Practicing theology from the bottom-up
Getting to know the story and research of CMU’s newest professor Dr. John Boopalan
Assuming a new position teaching theology at Canadian Mennonite University (CMU), Rev. Dr. Sunder John Boopalan and his family arrived in Winnipeg in October 2020 after a move, during the pandemic, from their home in Boston, MA. Growing up in the religious context of Pondicherry, a former French colony in southeast India, Boopalan was raised by his mother, a nurse and Hindu convert to Christianity, and his father, a lab technician and preacher, who together attended the "Bakht Singh Assemblies," a multi-lingual and multi-ethnic indigenous (that is, without foreign missionary history) church movement. Describing the religious atmosphere of his upbringing, Boopalan states that "there was an interesting mix of theological influences that combined pietist, holiness, and charismatic movements. Services were four hours and included plenty of music played with indigenous Indian instruments and would always end in a love feast cooked by church members and shared sitting around mats on the floor."
In his young adult life, Boopalan had no interest in studying theology. Instead, he spent his undergraduate years capturing pictures of birds and butterflies, assessing health levels of ecosystems, while pursuing his three majors of Environmental Science, Chemistry, and Zoology at St. Joseph's College in Bangalore. After receiving an offer for a fully-funded master's degree at a major university in India, Boopalan recalls having thoughts that at first startled him, causing him to doubt his path and to consider pursuing theology. Remembering the stories of his grandfather that had animated his household as a child, Boopalan decided to take a gap year to volunteer as a chaplain-in-training at the same hospital his grandfather worked in as a chaplain. Boopalan recalls, "I watched patients in the hospital come in and out with despair, hopelessness, hope, and faith. I saw people born and people die. This changed me. It clarified for me that I wanted to 'do' theology."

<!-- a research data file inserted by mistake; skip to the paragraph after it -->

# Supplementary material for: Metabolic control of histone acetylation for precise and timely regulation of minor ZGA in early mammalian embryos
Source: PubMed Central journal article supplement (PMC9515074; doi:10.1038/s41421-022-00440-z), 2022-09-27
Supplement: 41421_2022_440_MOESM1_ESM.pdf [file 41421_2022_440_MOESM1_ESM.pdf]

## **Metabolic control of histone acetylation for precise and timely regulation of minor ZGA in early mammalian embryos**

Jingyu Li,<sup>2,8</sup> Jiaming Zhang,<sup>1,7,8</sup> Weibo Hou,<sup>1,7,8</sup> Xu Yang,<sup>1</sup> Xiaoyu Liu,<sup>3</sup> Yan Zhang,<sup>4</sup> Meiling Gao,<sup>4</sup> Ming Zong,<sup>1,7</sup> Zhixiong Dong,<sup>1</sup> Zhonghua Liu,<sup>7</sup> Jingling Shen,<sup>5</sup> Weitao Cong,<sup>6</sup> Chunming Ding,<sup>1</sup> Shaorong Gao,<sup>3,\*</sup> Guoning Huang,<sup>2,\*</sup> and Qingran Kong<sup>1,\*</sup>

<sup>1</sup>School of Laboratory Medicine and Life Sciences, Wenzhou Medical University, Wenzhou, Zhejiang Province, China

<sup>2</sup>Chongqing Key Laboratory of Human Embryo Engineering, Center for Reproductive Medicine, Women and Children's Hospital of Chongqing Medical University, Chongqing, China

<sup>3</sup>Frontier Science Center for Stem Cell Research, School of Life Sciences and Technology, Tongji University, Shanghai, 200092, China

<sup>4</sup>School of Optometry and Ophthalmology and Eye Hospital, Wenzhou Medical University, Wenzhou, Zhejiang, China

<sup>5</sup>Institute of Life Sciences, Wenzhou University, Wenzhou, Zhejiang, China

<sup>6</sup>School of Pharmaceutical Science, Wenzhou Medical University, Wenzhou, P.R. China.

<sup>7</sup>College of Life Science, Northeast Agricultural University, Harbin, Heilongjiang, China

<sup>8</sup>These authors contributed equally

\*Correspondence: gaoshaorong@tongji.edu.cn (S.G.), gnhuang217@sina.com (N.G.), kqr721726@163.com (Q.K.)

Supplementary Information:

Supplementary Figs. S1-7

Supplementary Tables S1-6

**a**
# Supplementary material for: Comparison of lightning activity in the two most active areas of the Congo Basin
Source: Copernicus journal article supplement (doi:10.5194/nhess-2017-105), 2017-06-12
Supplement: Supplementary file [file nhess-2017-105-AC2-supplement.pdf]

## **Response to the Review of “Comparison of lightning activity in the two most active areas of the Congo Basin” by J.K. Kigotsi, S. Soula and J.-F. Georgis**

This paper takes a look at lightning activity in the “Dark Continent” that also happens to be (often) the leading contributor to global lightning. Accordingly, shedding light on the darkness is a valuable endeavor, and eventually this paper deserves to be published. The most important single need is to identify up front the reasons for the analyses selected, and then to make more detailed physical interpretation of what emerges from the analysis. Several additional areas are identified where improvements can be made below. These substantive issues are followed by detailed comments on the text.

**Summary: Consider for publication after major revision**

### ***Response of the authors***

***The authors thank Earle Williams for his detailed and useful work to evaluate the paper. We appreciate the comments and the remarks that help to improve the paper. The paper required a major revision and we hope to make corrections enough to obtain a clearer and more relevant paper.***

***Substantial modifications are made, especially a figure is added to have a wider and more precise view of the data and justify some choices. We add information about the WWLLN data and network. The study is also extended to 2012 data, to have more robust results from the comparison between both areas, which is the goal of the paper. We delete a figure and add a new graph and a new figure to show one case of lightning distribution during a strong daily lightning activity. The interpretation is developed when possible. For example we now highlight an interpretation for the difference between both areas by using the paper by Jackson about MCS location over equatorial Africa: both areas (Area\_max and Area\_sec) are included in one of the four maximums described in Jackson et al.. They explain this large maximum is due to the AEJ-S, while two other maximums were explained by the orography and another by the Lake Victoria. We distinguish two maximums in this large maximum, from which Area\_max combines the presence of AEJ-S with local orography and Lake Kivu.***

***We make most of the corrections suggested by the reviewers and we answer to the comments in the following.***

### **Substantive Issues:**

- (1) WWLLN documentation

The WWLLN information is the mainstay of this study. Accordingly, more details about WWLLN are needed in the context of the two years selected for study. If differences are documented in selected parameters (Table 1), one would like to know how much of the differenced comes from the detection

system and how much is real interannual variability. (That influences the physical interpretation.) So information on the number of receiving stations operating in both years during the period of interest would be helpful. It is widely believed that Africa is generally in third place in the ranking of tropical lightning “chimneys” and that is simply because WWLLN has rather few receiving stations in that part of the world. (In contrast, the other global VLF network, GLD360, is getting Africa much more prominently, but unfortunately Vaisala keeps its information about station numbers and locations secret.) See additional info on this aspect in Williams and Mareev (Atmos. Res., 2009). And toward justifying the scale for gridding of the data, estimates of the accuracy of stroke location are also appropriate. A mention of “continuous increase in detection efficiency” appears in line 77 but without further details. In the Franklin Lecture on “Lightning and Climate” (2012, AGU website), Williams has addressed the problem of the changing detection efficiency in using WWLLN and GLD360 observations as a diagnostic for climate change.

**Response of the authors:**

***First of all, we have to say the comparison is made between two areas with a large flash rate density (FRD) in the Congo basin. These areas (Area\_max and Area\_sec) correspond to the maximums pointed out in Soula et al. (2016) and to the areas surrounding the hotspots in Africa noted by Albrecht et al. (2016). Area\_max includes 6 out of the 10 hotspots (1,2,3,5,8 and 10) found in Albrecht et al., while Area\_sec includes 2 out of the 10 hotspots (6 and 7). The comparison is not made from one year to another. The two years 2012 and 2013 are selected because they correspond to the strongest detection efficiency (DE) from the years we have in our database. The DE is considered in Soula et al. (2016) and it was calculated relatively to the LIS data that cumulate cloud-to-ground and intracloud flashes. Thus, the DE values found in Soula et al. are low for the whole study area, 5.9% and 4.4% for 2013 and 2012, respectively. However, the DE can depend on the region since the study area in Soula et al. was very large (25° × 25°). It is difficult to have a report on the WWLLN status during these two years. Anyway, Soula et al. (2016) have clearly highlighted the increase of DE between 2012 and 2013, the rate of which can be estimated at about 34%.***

After rejecting his offer to study science, Boopalan attended the United Theological College in Bangalore to complete a Master of Divinity, where he would begin to study political theology and liberation theology. He shares, "I began to realize that society is characterized by deep violence. It was in the sacred space of a theological classroom setting that I started seeing the world in a whole new light. This is what prompted the research I would continue at Princeton."
There are some for whom, like the famous character Ivan Karamazov in Dostoevsky's The Brothers Karamazov, injustice is enough to deny the existence of God. This is not so for Boopalan, whose reaction to caste-based discrimination and violence fueled his doctoral research on hospitality and social justice from a Christian perspective, including his forthcoming book Dalit Theology: A Global Introduction. Boopalan comes from Dalit heritage, a people whose continual experience in India is characterized by structural wrongs based on caste. Crimes embedded within the collective consciousness, such as the recent case of a Dalit man murdered for eating in the presence of dominant castes, are not uncommon. "Caste-based discrimination is very real in India, but Dalits and other historically marginalized communities continue to persist" says Boopalan. Boopalan explains that "when Christian missionaries came to India, it was the Dalits that approached them. In converting to Christianity, Dalits gained access to scripture, education, and a new theological imagination."
Boopalan teaches classes such as "Christianity and Indigeneity" and "Reading the Bible as a Witness to Liberation" at CMU. His book, Memory, Grief, Agency: A Theological Account of Wrongs and Rites can be purchased at CMU's CommonWord Bookstore. To view his faculty bio, visit https://www.cmu.ca/about/faculty/569.
Watch Boopalan reflect on teaching "Reading the Bible as a Witness to Liberation" this fall.